I put my screen captures in to a slide deck for presentation purposes. I then printed three copies for handouts. I presented my findings at the next week's meeting. With my opening slide on the screen, I walked around the table and dropped my printed presentation in front of my VP, Director, and Tony from the network team. I quickly covered what I did, the results, and how it is detectable by the network team. At the conclusion of that meeting, my project was approved.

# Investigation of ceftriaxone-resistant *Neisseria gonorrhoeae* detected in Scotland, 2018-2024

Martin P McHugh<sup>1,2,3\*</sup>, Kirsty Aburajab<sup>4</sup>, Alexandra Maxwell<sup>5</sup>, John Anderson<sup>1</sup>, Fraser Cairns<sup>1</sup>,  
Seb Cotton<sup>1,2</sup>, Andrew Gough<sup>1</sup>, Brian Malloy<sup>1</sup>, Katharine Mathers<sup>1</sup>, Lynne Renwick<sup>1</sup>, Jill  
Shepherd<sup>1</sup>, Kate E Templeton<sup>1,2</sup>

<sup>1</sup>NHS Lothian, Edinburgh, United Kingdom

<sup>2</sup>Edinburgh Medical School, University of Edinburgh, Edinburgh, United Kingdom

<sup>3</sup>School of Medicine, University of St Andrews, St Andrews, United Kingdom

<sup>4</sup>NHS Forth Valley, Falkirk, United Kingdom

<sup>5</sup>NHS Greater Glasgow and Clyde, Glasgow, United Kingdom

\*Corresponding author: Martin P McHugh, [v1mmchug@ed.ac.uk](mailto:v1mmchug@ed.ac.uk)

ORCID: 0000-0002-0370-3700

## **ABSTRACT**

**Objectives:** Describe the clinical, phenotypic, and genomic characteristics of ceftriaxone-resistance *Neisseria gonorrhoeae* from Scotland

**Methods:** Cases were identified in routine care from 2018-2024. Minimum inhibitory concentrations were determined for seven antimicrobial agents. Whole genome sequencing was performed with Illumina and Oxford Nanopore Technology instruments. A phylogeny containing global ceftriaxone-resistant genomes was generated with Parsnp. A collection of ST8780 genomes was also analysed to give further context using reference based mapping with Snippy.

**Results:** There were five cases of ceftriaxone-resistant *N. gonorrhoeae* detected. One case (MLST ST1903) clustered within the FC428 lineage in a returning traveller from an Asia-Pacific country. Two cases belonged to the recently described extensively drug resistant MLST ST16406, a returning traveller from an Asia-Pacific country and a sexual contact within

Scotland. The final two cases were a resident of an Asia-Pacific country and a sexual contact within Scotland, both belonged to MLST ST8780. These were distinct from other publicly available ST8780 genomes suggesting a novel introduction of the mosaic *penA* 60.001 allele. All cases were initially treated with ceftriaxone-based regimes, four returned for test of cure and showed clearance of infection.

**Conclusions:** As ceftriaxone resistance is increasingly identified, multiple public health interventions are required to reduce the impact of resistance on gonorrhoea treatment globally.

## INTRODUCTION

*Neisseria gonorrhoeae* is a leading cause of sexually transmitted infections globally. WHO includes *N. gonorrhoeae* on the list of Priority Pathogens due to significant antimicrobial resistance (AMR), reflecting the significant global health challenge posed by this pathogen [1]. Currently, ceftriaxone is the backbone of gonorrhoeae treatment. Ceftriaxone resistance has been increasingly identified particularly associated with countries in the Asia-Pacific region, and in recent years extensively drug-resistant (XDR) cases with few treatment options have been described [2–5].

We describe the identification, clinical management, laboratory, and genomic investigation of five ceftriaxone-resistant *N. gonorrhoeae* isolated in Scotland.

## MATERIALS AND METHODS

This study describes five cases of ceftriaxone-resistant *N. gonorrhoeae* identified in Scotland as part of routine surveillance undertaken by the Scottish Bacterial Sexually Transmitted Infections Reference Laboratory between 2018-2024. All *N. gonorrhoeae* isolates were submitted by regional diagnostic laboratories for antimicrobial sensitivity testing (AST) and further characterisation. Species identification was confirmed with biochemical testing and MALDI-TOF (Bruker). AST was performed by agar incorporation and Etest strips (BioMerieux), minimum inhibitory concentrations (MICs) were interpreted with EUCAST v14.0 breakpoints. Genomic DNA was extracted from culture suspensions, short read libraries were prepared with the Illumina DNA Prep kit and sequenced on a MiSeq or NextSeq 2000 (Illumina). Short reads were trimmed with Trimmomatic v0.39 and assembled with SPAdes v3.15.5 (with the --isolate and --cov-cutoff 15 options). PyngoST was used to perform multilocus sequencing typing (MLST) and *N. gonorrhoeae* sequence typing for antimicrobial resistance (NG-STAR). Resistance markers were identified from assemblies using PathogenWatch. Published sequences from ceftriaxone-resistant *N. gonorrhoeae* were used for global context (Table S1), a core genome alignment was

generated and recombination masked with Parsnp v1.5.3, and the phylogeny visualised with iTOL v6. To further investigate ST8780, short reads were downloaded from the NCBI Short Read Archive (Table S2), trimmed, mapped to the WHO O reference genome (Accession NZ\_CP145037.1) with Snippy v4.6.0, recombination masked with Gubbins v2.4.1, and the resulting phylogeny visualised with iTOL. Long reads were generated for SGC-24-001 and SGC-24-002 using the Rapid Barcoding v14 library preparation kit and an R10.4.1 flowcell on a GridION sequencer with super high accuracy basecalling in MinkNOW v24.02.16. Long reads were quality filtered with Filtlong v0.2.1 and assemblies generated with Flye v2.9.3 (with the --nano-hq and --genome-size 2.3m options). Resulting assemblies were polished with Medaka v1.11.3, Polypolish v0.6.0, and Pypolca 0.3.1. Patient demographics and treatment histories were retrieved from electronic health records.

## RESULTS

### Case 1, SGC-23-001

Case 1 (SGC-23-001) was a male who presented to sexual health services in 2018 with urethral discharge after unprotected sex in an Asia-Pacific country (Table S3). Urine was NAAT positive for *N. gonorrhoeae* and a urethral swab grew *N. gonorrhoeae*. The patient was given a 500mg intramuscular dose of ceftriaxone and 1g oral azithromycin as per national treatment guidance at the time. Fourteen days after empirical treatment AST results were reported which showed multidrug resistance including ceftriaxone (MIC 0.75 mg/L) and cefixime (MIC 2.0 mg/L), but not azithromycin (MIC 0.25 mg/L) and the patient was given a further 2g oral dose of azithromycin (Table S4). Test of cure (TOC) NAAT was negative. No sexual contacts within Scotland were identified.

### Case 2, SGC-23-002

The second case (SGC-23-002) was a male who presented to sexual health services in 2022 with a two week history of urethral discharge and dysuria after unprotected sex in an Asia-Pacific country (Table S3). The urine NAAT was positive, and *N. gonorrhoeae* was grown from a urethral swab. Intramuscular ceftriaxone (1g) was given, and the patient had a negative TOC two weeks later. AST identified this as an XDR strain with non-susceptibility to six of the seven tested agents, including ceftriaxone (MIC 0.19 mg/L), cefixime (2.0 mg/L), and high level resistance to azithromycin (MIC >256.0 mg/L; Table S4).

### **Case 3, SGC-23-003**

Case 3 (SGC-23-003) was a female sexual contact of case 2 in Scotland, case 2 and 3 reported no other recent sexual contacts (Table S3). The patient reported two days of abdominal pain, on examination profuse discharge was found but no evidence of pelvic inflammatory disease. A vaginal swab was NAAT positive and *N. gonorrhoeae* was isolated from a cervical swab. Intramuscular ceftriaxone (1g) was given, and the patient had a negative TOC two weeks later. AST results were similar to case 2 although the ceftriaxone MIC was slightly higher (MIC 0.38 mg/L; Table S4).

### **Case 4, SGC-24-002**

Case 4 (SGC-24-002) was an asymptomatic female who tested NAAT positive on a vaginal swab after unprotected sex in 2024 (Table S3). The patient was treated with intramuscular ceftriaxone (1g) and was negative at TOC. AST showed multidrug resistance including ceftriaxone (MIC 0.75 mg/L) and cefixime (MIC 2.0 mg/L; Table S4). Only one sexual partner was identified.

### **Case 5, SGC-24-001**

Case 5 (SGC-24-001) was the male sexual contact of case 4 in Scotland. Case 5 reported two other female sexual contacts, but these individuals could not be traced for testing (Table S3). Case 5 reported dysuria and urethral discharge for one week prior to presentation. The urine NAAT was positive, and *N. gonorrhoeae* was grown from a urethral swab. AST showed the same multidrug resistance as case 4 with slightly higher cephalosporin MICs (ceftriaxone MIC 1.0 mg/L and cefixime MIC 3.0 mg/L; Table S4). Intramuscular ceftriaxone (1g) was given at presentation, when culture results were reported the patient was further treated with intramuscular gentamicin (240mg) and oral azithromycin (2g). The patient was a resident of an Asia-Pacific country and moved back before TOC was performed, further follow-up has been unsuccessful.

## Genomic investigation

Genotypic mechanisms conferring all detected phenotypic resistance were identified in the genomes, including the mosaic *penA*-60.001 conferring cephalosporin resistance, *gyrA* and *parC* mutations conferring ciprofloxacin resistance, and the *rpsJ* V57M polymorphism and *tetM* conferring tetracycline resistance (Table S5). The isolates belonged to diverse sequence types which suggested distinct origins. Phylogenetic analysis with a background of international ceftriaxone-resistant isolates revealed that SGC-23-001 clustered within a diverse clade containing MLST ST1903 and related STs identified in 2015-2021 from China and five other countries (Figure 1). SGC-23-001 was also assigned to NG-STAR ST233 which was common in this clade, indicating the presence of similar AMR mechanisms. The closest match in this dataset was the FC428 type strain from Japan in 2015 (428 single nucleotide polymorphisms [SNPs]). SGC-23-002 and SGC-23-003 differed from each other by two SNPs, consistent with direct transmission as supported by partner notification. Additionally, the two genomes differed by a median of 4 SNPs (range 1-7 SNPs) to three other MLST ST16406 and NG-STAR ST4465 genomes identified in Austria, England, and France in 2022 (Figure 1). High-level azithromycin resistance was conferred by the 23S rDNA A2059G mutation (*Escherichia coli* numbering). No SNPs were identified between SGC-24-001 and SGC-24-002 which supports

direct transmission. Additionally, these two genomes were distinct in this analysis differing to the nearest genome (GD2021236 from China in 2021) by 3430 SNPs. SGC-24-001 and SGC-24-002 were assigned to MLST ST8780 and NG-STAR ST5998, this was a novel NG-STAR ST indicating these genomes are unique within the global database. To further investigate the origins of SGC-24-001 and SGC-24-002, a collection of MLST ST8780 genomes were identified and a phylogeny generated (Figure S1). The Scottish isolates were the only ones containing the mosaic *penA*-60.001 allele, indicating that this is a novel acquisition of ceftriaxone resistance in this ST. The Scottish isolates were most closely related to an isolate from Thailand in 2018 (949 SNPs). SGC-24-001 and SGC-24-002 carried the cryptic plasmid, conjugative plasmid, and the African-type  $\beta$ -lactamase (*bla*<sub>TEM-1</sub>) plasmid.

It sometimes takes extraordinary effort to move what set idle for a long time. To many of us today deprecating clear-text authentication for more secure methods is common sense. Those in power are quite often not tech-savvy and must explain in non-technical terms why we need the change. It does not hurt to bring pictures. Our new hires helped push this change as well. Coming straight out of university, many scoffed at the fact we were still using telnet. Even then I had to make concessions. We started with Internet facing endpoints and accounts with administrative permissions. I heard from one of our engineering design teams that once SSH was pushed out to all endpoints that new hires and power users asked to be allowed to start using it right away. There was pent up demand for the automation possibilities that SSH provided that were not available with other clear-text authentication methods. If you believe in something strongly enough, fight for it. You might be able to change the course of business.